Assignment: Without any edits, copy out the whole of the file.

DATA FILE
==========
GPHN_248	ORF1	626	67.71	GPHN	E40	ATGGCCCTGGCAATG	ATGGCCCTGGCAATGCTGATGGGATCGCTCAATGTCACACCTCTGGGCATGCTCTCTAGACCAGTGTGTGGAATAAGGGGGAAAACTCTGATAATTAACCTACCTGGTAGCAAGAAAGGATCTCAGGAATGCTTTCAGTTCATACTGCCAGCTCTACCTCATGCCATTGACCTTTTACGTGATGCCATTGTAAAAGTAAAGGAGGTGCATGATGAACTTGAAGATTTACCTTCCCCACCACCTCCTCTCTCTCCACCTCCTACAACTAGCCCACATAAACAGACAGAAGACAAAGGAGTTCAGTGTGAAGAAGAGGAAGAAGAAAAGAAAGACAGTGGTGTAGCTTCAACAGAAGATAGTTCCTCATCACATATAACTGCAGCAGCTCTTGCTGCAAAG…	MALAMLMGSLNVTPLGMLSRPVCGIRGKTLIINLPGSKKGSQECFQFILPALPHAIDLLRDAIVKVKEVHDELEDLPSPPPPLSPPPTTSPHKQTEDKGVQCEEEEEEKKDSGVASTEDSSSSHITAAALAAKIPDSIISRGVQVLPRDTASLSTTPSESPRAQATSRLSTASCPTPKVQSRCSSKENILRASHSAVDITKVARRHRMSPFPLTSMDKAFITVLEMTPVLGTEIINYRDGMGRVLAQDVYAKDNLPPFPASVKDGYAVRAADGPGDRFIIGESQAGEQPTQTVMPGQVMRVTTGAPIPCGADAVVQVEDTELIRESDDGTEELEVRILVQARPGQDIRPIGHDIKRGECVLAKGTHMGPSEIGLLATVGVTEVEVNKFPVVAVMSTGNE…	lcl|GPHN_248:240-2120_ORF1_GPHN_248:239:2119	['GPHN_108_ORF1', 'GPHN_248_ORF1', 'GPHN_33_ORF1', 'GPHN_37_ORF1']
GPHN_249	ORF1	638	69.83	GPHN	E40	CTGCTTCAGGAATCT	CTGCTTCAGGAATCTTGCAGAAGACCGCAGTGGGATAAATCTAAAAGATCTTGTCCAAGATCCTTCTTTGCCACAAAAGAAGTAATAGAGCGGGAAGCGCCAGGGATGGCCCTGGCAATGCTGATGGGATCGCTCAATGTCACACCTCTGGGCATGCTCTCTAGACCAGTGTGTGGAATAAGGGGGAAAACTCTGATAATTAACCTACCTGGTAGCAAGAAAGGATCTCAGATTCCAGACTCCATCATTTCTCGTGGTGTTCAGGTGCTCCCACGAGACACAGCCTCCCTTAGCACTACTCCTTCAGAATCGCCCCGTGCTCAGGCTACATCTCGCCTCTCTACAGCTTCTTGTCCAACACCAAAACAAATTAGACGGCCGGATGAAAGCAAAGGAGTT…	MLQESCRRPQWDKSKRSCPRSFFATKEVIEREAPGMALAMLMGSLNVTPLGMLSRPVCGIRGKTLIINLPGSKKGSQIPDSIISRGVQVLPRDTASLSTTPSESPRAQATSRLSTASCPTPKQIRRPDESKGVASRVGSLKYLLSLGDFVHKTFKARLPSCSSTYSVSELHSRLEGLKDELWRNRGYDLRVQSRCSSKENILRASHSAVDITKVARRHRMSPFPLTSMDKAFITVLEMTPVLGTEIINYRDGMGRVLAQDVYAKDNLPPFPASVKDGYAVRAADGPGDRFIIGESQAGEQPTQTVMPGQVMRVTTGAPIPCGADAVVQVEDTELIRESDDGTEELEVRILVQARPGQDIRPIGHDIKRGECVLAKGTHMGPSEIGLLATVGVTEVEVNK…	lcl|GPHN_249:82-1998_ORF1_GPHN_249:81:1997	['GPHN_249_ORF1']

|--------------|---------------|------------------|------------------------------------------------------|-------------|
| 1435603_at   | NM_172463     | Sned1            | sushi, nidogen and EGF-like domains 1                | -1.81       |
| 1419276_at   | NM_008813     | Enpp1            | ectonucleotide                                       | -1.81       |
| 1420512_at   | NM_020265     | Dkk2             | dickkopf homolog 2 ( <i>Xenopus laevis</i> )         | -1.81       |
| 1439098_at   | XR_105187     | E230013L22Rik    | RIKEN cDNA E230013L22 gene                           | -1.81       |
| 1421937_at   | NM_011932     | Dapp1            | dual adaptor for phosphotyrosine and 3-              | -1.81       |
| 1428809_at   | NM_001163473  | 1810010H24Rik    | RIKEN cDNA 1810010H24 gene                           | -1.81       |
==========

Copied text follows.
GPHN_248	ORF1	626	67.71	GPHN	E40	ATGGCCCTGGCAATG	ATGGCCCTGGCAATGCTGATGGGATCGCTCAATGTCACACCTCTGGGCATGCTCTCTAGACCAGTGTGTGGAATAAGGGGGAAAACTCTGATAATTAACCTACCTGGTAGCAAGAAAGGATCTCAGGAATGCTTTCAGTTCATACTGCCAGCTCTACCTCATGCCATTGACCTTTTACGTGATGCCATTGTAAAAGTAAAGGAGGTGCATGATGAACTTGAAGATTTACCTTCCCCACCACCTCCTCTCTCTCCACCTCCTACAACTAGCCCACATAAACAGACAGAAGACAAAGGAGTTCAGTGTGAAGAAGAGGAAGAAGAAAAGAAAGACAGTGGTGTAGCTTCAACAGAAGATAGTTCCTCATCACATATAACTGCAGCAGCTCTTGCTGCAAAG…	MALAMLMGSLNVTPLGMLSRPVCGIRGKTLIINLPGSKKGSQECFQFILPALPHAIDLLRDAIVKVKEVHDELEDLPSPPPPLSPPPTTSPHKQTEDKGVQCEEEEEEKKDSGVASTEDSSSSHITAAALAAKIPDSIISRGVQVLPRDTASLSTTPSESPRAQATSRLSTASCPTPKVQSRCSSKENILRASHSAVDITKVARRHRMSPFPLTSMDKAFITVLEMTPVLGTEIINYRDGMGRVLAQDVYAKDNLPPFPASVKDGYAVRAADGPGDRFIIGESQAGEQPTQTVMPGQVMRVTTGAPIPCGADAVVQVEDTELIRESDDGTEELEVRILVQARPGQDIRPIGHDIKRGECVLAKGTHMGPSEIGLLATVGVTEVEVNKFPVVAVMSTGNE…	lcl|GPHN_248:240-2120_ORF1_GPHN_248:239:2119	['GPHN_108_ORF1', 'GPHN_248_ORF1', 'GPHN_33_ORF1', 'GPHN_37_ORF1']
GPHN_249	ORF1	638	69.83	GPHN	E40	CTGCTTCAGGAATCT	CTGCTTCAGGAATCTTGCAGAAGACCGCAGTGGGATAAATCTAAAAGATCTTGTCCAAGATCCTTCTTTGCCACAAAAGAAGTAATAGAGCGGGAAGCGCCAGGGATGGCCCTGGCAATGCTGATGGGATCGCTCAATGTCACACCTCTGGGCATGCTCTCTAGACCAGTGTGTGGAATAAGGGGGAAAACTCTGATAATTAACCTACCTGGTAGCAAGAAAGGATCTCAGATTCCAGACTCCATCATTTCTCGTGGTGTTCAGGTGCTCCCACGAGACACAGCCTCCCTTAGCACTACTCCTTCAGAATCGCCCCGTGCTCAGGCTACATCTCGCCTCTCTACAGCTTCTTGTCCAACACCAAAACAAATTAGACGGCCGGATGAAAGCAAAGGAGTT…	MLQESCRRPQWDKSKRSCPRSFFATKEVIEREAPGMALAMLMGSLNVTPLGMLSRPVCGIRGKTLIINLPGSKKGSQIPDSIISRGVQVLPRDTASLSTTPSESPRAQATSRLSTASCPTPKQIRRPDESKGVASRVGSLKYLLSLGDFVHKTFKARLPSCSSTYSVSELHSRLEGLKDELWRNRGYDLRVQSRCSSKENILRASHSAVDITKVARRHRMSPFPLTSMDKAFITVLEMTPVLGTEIINYRDGMGRVLAQDVYAKDNLPPFPASVKDGYAVRAADGPGDRFIIGESQAGEQPTQTVMPGQVMRVTTGAPIPCGADAVVQVEDTELIRESDDGTEELEVRILVQARPGQDIRPIGHDIKRGECVLAKGTHMGPSEIGLLATVGVTEVEVNK…	lcl|GPHN_249:82-1998_ORF1_GPHN_249:81:1997	['GPHN_249_ORF1']

|--------------|---------------|------------------|------------------------------------------------------|-------------|
| 1435603_at   | NM_172463     | Sned1            | sushi, nidogen and EGF-like domains 1                | -1.81       |
| 1419276_at   | NM_008813     | Enpp1            | ectonucleotide                                       | -1.81       |
| 1420512_at   | NM_020265     | Dkk2             | dickkopf homolog 2 ( <i>Xenopus laevis</i> )         | -1.81       |
| 1439098_at   | XR_105187     | E230013L22Rik    | RIKEN cDNA E230013L22 gene                           | -1.81       |
| 1421937_at   | NM_011932     | Dapp1            | dual adaptor for phosphotyrosine and 3-              | -1.81       |
| 1428809_at   | NM_001163473  | 1810010H24Rik    | RIKEN cDNA 1810010H24 gene                           | -1.81       |